During the celebration of Dia de los Muertos (the Day of the Dead), sugar skulls are often used to decorate the ofrendas (offerings), and they are exactly what their name describes--skull-shaped sugar. Traditional sugar skulls are made from a granulated white sugar mixture that is pressed into special skull molds. The sugar mixture is allowed to dry and then the sugar skull is decorated with icing, feathers, colored foil and more.
While the ingredients of sugar skulls are edible (with the exception of the non-edible decorations you may add) the skulls are generally used for decorative purposes. However, there are some small sugar skulls that are made with basic icing and are intended to be consumed.
The First Sugar Skulls
Dia de los Muertos was an Aztec ritual that celebrated the lives of those who have deceased. The Spaniards who invaded Mexico tried to eliminate this seemingly offensive month-long holiday with no success. Dia de los Muertos was eventually merged with the Catholic All-Saints day and All-Souls day on November 1st and 2nd in an effort to make the holiday more Christian.
According to Angela Villalba from the Reign Trading Co., sugar art dates back to the 17th century when Italian missionaries visited the New World. Mexicans during that time period had very little money and learned from the Catholic friars how to make decorations out of an ingredient they had plenty of--sugar.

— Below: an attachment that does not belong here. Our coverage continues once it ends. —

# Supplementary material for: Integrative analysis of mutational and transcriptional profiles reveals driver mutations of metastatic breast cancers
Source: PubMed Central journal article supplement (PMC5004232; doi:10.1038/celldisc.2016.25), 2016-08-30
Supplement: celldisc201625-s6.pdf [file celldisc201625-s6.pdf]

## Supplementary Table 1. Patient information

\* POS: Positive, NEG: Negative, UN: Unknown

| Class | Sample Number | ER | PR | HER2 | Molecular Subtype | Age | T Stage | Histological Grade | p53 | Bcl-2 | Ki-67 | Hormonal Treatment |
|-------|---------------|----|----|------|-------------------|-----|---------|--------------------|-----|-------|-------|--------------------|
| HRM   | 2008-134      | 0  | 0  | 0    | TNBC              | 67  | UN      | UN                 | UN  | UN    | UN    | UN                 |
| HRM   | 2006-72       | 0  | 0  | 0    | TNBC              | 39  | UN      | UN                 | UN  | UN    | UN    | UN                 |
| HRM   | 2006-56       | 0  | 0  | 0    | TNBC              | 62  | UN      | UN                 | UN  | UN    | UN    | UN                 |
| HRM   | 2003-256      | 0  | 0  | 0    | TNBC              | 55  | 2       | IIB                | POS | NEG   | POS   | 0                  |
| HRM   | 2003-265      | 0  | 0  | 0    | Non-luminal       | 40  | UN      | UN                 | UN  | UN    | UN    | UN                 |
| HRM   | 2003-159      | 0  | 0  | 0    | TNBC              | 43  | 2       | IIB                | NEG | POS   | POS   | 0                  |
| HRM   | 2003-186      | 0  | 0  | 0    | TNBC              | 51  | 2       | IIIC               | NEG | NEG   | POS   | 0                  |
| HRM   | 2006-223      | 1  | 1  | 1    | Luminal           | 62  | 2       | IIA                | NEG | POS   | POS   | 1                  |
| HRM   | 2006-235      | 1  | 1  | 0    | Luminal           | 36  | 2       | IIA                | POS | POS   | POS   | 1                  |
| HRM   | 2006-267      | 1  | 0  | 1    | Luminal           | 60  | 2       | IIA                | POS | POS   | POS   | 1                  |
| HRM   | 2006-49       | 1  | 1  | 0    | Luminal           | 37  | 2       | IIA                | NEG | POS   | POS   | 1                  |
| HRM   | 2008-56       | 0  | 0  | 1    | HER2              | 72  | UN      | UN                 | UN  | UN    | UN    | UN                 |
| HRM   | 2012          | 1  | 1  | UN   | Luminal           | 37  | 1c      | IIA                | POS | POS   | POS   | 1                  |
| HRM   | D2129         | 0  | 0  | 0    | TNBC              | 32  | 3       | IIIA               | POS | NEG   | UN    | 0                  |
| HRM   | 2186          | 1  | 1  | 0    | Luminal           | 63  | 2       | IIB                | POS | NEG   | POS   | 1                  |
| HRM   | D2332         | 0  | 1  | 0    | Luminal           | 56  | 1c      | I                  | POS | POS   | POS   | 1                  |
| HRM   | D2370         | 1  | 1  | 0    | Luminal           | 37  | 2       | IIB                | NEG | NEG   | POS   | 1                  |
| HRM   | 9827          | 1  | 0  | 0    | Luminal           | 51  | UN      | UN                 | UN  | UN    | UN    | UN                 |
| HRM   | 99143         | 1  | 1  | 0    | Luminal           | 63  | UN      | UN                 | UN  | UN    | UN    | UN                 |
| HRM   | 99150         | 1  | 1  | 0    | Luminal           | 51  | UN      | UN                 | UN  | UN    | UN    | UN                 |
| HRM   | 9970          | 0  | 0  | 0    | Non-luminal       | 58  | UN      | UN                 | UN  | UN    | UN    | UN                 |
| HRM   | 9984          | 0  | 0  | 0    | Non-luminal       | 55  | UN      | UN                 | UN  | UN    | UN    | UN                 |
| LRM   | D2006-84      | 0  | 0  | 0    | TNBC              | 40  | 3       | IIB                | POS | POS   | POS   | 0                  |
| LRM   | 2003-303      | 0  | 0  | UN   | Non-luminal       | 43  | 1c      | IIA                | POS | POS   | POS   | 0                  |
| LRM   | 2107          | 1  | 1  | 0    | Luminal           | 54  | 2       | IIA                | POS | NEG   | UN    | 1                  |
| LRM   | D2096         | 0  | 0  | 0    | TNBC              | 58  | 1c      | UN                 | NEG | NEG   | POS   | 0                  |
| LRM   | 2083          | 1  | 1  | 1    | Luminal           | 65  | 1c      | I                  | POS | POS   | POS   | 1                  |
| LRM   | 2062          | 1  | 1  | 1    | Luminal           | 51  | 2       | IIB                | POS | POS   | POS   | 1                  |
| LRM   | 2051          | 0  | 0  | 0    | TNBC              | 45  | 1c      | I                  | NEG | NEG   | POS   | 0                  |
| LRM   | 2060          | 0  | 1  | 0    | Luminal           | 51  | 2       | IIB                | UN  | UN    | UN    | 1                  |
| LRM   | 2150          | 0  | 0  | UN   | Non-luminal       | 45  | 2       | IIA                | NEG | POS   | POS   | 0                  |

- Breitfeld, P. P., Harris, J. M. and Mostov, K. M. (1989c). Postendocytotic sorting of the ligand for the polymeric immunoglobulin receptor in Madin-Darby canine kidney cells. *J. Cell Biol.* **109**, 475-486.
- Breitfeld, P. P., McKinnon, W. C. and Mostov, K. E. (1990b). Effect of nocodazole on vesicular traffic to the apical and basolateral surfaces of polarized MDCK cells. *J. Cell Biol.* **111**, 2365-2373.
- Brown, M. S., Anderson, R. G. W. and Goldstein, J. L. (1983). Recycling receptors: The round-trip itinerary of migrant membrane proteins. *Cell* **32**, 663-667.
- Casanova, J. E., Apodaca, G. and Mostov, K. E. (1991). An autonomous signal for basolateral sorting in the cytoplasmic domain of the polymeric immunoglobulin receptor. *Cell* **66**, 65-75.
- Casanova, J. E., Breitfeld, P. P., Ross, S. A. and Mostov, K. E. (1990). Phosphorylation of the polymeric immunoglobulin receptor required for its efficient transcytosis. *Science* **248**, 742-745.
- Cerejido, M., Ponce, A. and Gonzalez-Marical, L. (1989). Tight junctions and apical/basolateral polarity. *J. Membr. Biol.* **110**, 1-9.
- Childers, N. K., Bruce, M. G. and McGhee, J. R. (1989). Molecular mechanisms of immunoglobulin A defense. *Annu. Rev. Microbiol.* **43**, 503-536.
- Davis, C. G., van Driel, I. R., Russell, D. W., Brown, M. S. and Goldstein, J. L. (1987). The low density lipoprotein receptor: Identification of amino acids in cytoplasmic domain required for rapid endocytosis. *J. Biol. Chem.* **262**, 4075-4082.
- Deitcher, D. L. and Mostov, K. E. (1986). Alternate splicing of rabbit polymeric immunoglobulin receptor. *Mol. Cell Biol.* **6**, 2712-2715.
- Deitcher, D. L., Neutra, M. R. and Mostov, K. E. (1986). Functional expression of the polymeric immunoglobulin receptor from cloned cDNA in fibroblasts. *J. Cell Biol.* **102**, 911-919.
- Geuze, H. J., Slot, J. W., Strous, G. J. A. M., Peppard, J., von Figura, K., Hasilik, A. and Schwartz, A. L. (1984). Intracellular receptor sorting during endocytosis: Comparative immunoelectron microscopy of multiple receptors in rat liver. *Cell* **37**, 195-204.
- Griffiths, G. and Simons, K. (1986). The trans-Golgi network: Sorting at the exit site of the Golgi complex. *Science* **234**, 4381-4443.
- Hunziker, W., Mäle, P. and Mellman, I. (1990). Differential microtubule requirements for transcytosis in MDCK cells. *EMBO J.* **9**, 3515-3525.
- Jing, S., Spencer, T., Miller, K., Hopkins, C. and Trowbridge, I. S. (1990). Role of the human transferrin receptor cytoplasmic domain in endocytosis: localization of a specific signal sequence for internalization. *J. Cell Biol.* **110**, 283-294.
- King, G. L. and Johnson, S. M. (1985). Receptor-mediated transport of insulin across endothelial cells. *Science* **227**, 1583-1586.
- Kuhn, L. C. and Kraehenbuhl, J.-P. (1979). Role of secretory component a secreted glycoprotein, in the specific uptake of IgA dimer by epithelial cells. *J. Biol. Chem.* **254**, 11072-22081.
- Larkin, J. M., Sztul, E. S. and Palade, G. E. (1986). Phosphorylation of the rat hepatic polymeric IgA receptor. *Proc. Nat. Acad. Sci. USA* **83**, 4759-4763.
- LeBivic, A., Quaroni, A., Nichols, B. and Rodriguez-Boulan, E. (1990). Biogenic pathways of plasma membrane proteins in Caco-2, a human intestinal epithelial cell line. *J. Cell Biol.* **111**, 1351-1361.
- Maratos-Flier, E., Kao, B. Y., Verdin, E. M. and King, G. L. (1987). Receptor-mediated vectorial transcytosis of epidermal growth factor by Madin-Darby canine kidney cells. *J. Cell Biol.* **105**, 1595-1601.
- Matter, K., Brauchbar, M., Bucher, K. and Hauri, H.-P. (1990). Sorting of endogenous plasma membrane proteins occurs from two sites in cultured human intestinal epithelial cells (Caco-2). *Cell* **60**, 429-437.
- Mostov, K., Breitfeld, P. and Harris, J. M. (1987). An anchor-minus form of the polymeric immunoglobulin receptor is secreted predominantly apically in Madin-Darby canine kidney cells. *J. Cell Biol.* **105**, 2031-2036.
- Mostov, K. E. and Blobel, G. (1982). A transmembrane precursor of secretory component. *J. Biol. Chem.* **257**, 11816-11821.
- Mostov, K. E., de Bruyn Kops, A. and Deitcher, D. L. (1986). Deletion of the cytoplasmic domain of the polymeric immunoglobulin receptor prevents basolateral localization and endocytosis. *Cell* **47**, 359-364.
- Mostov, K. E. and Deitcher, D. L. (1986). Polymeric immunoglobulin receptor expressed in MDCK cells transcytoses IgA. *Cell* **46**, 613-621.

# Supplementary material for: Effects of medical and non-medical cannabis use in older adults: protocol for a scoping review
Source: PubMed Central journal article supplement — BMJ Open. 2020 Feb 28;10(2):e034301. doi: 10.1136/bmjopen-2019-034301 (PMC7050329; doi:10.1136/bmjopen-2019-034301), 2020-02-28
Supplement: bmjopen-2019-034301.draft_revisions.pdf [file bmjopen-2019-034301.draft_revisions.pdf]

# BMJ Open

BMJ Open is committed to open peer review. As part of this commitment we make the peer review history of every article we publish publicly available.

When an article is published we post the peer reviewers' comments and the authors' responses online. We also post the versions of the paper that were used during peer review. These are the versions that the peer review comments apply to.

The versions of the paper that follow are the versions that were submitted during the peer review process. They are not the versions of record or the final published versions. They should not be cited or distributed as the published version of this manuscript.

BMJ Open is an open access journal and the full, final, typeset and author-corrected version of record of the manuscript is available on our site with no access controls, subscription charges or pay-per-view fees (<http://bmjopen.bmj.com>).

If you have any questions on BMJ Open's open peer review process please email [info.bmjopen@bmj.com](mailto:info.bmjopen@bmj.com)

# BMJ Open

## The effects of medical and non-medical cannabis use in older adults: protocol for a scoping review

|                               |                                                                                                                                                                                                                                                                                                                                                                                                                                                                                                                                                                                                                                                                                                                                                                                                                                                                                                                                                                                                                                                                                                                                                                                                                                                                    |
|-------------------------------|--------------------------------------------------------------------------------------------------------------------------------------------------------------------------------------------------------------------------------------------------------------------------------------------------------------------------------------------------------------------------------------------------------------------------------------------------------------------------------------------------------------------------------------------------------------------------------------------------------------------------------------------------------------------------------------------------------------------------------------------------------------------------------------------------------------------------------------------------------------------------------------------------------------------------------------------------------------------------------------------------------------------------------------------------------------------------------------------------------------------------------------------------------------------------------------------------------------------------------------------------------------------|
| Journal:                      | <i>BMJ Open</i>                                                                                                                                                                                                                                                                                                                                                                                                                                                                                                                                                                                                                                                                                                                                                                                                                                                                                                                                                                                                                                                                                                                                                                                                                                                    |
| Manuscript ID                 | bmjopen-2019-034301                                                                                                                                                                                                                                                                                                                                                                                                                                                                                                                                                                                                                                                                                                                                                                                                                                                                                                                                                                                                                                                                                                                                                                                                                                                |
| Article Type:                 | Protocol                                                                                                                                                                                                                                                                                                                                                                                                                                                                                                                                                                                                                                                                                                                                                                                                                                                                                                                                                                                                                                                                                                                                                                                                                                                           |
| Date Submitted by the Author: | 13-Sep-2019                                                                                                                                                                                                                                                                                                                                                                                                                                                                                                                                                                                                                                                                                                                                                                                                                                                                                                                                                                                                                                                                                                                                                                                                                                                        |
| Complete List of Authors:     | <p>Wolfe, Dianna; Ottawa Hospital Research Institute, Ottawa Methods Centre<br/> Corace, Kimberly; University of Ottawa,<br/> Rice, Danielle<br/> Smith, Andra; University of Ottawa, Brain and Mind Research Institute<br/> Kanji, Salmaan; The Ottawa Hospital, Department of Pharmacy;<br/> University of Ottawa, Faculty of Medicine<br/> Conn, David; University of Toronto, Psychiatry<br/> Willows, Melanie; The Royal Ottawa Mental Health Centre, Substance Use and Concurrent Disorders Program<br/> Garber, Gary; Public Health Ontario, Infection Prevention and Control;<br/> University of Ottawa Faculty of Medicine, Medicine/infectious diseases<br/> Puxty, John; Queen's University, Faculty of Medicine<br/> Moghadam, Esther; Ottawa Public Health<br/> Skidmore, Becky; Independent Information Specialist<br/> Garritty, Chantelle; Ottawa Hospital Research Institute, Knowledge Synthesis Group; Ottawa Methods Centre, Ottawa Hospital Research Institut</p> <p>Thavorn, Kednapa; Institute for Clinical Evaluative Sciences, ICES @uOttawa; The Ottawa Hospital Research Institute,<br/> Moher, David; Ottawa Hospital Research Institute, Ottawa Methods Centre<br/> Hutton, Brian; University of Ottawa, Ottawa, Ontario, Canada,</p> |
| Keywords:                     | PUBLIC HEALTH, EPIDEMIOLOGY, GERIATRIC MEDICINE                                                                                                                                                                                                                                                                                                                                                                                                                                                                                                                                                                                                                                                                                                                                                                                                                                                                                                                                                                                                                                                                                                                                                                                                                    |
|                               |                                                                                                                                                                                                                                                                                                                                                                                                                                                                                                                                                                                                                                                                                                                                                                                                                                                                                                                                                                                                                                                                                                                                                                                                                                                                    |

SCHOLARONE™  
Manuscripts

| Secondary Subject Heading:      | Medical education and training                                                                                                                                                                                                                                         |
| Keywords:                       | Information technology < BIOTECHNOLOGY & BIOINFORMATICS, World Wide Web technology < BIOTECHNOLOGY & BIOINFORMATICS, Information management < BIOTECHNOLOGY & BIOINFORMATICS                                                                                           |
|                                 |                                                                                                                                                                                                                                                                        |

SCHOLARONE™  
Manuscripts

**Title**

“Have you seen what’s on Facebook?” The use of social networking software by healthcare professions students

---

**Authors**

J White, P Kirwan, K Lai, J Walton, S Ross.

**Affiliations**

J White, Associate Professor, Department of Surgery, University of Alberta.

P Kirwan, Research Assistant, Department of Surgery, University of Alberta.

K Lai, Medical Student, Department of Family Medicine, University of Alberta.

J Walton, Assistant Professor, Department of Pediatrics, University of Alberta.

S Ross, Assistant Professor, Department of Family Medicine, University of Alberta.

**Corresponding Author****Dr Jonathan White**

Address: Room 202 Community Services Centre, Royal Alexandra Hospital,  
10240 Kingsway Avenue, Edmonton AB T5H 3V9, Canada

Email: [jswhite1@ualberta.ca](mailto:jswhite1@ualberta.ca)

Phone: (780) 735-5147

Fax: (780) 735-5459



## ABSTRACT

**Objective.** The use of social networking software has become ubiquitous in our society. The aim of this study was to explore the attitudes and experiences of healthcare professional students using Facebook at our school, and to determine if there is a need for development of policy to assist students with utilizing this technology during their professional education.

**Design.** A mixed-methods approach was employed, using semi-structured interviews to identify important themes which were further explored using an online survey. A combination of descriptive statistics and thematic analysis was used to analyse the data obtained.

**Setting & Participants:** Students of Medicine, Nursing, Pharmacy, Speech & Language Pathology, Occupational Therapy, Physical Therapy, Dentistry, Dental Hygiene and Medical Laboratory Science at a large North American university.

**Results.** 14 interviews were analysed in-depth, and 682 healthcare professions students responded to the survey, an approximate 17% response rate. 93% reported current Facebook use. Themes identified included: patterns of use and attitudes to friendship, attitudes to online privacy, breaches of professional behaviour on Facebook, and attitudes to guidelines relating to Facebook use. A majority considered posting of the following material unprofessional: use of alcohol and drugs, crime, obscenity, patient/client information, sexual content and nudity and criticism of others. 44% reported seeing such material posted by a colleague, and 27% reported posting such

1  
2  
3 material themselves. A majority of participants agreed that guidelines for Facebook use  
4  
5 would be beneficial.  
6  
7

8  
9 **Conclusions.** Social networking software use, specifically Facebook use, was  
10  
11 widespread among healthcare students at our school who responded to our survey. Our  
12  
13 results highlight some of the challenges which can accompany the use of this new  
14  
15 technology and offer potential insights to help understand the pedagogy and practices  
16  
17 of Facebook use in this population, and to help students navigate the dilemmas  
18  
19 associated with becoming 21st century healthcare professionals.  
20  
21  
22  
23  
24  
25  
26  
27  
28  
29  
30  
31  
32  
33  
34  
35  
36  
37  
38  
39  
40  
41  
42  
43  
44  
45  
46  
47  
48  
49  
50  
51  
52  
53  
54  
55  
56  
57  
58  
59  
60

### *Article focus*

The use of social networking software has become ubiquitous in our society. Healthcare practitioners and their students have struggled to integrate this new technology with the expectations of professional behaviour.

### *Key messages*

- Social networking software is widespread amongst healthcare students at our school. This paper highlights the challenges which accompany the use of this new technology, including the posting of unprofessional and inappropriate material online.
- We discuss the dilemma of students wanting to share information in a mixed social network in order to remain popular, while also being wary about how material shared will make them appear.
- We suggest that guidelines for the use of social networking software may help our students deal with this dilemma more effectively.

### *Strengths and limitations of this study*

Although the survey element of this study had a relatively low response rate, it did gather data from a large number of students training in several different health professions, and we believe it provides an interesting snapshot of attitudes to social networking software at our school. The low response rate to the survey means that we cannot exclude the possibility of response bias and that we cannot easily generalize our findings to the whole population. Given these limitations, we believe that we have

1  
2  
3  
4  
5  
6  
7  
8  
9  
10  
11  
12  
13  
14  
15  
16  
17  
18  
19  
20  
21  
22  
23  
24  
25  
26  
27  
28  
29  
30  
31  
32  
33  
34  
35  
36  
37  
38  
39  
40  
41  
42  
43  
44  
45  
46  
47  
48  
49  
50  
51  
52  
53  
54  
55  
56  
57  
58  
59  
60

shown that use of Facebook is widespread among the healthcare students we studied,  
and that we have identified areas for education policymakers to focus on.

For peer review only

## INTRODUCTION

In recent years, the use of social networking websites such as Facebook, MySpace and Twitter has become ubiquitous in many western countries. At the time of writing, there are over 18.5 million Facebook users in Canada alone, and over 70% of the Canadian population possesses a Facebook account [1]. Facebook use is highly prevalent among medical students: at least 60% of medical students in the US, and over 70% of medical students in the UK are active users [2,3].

Molds were made of clay and the sugar decorations were used to adorn the church and gravestones, and were a part of the ofrendas--the collection of objects placed on an altar for the holiday. For the Dia de los Muertos celebrations, the sugar was pressed into sugar skulls; each sugar skull represented an individual and their name was often inscribed on the forehead of the skull.
As Part of Dia de Los Muertos
Dia de los Muertos is November 1st and 2nd. Smaller skulls are placed on the ofrenda on November 1st to represent the children who have deceased. On November 2nd they are replaced by larger, more ornate skulls which represent the adults. These decorative skulls have the name of the deceased on the forehead and are decorated with stripes, dots and swirls of icing to enhance the features of the skulls. These designs are usually whimsical and brightly colored, not morbid or scary. Feathers, beads or colored foils are "glued" on with the icing to create highly ornate skulls. Some companies manufacture small, edible skulls to be eaten during the holiday and many artists sculpt, paint or create beautiful and ornate skulls to be used as decorations, jewelry and cloth design.
Your Own Sugar Skulls
Please note that some of the decorations (foil, sequins etc.) are not edible and must be removed before consumption.